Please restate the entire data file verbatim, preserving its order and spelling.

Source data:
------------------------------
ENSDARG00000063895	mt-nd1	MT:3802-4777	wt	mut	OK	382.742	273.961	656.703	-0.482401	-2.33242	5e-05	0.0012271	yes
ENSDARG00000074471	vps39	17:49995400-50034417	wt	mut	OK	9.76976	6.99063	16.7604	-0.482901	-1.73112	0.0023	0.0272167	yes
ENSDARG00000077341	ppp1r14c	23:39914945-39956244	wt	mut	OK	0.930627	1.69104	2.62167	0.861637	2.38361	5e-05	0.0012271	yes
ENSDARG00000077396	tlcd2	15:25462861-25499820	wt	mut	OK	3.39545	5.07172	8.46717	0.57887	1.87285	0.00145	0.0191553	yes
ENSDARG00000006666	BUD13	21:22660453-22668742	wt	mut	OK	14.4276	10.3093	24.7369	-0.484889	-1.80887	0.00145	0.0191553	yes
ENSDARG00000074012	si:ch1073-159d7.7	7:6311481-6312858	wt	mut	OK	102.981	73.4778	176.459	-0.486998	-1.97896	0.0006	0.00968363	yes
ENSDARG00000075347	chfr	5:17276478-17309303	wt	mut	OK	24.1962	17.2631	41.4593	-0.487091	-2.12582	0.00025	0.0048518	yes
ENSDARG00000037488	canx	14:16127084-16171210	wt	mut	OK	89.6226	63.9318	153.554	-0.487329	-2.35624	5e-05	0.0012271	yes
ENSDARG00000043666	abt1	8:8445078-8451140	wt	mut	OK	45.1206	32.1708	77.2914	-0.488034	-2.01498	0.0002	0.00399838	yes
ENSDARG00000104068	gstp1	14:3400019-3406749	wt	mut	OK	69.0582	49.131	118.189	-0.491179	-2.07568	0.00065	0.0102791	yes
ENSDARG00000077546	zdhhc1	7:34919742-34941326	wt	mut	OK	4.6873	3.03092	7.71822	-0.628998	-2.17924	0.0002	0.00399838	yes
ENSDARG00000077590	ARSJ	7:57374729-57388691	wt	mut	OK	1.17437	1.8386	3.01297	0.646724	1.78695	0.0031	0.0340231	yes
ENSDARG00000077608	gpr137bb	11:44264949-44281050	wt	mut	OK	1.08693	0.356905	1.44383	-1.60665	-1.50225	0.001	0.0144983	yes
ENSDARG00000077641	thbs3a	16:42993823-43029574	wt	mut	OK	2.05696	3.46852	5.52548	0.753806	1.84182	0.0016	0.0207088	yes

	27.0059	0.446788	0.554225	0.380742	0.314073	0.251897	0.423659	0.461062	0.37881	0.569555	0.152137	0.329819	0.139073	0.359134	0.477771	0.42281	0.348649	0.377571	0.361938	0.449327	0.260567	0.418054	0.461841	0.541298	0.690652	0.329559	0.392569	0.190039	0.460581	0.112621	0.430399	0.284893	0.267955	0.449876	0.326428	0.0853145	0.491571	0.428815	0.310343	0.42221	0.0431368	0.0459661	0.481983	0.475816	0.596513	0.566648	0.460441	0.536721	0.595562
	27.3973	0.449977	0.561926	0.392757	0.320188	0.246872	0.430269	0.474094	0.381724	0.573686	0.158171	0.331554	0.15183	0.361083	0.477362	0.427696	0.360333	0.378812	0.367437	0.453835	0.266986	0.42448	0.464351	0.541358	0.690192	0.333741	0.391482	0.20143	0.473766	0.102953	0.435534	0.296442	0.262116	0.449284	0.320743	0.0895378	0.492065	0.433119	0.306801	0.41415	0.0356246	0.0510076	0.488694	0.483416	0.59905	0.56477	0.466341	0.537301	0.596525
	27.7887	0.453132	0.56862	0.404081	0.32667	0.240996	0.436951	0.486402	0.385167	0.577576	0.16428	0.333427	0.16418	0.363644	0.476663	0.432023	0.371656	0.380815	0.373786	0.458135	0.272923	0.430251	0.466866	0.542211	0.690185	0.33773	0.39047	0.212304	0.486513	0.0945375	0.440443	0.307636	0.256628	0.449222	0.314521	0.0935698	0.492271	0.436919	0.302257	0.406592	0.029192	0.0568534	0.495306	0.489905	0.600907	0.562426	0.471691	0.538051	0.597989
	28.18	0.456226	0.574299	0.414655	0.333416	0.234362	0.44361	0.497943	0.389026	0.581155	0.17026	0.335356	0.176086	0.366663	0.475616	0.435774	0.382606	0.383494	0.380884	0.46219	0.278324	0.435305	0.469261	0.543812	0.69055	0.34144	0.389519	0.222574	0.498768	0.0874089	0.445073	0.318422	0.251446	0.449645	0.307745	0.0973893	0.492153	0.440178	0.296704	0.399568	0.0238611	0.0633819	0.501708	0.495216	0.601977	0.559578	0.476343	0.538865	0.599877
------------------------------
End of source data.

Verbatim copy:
ENSDARG00000063895	mt-nd1	MT:3802-4777	wt	mut	OK	382.742	273.961	656.703	-0.482401	-2.33242	5e-05	0.0012271	yes
ENSDARG00000074471	vps39	17:49995400-50034417	wt	mut	OK	9.76976	6.99063	16.7604	-0.482901	-1.73112	0.0023	0.0272167	yes
ENSDARG00000077341	ppp1r14c	23:39914945-39956244	wt	mut	OK	0.930627	1.69104	2.62167	0.861637	2.38361	5e-05	0.0012271	yes
ENSDARG00000077396	tlcd2	15:25462861-25499820	wt	mut	OK	3.39545	5.07172	8.46717	0.57887	1.87285	0.00145	0.0191553	yes
ENSDARG00000006666	BUD13	21:22660453-22668742	wt	mut	OK	14.4276	10.3093	24.7369	-0.484889	-1.80887	0.00145	0.0191553	yes
ENSDARG00000074012	si:ch1073-159d7.7	7:6311481-6312858	wt	mut	OK	102.981	73.4778	176.459	-0.486998	-1.97896	0.0006	0.00968363	yes
ENSDARG00000075347	chfr	5:17276478-17309303	wt	mut	OK	24.1962	17.2631	41.4593	-0.487091	-2.12582	0.00025	0.0048518	yes
ENSDARG00000037488	canx	14:16127084-16171210	wt	mut	OK	89.6226	63.9318	153.554	-0.487329	-2.35624	5e-05	0.0012271	yes
ENSDARG00000043666	abt1	8:8445078-8451140	wt	mut	OK	45.1206	32.1708	77.2914	-0.488034	-2.01498	0.0002	0.00399838	yes
ENSDARG00000104068	gstp1	14:3400019-3406749	wt	mut	OK	69.0582	49.131	118.189	-0.491179	-2.07568	0.00065	0.0102791	yes
ENSDARG00000077546	zdhhc1	7:34919742-34941326	wt	mut	OK	4.6873	3.03092	7.71822	-0.628998	-2.17924	0.0002	0.00399838	yes
ENSDARG00000077590	ARSJ	7:57374729-57388691	wt	mut	OK	1.17437	1.8386	3.01297	0.646724	1.78695	0.0031	0.0340231	yes
ENSDARG00000077608	gpr137bb	11:44264949-44281050	wt	mut	OK	1.08693	0.356905	1.44383	-1.60665	-1.50225	0.001	0.0144983	yes
ENSDARG00000077641	thbs3a	16:42993823-43029574	wt	mut	OK	2.05696	3.46852	5.52548	0.753806	1.84182	0.0016	0.0207088	yes

	27.0059	0.446788	0.554225	0.380742	0.314073	0.251897	0.423659	0.461062	0.37881	0.569555	0.152137	0.329819	0.139073	0.359134	0.477771	0.42281	0.348649	0.377571	0.361938	0.449327	0.260567	0.418054	0.461841	0.541298	0.690652	0.329559	0.392569	0.190039	0.460581	0.112621	0.430399	0.284893	0.267955	0.449876	0.326428	0.0853145	0.491571	0.428815	0.310343	0.42221	0.0431368	0.0459661	0.481983	0.475816	0.596513	0.566648	0.460441	0.536721	0.595562
	27.3973	0.449977	0.561926	0.392757	0.320188	0.246872	0.430269	0.474094	0.381724	0.573686	0.158171	0.331554	0.15183	0.361083	0.477362	0.427696	0.360333	0.378812	0.367437	0.453835	0.266986	0.42448	0.464351	0.541358	0.690192	0.333741	0.391482	0.20143	0.473766	0.102953	0.435534	0.296442	0.262116	0.449284	0.320743	0.0895378	0.492065	0.433119	0.306801	0.41415	0.0356246	0.0510076	0.488694	0.483416	0.59905	0.56477	0.466341	0.537301	0.596525
	27.7887	0.453132	0.56862	0.404081	0.32667	0.240996	0.436951	0.486402	0.385167	0.577576	0.16428	0.333427	0.16418	0.363644	0.476663	0.432023	0.371656	0.380815	0.373786	0.458135	0.272923	0.430251	0.466866	0.542211	0.690185	0.33773	0.39047	0.212304	0.486513	0.0945375	0.440443	0.307636	0.256628	0.449222	0.314521	0.0935698	0.492271	0.436919	0.302257	0.406592	0.029192	0.0568534	0.495306	0.489905	0.600907	0.562426	0.471691	0.538051	0.597989
	28.18	0.456226	0.574299	0.414655	0.333416	0.234362	0.44361	0.497943	0.389026	0.581155	0.17026	0.335356	0.176086	0.366663	0.475616	0.435774	0.382606	0.383494	0.380884	0.46219	0.278324	0.435305	0.469261	0.543812	0.69055	0.34144	0.389519	0.222574	0.498768	0.0874089	0.445073	0.318422	0.251446	0.449645	0.307745	0.0973893	0.492153	0.440178	0.296704	0.399568	0.0238611	0.0633819	0.501708	0.495216	0.601977	0.559578	0.476343	0.538865	0.599877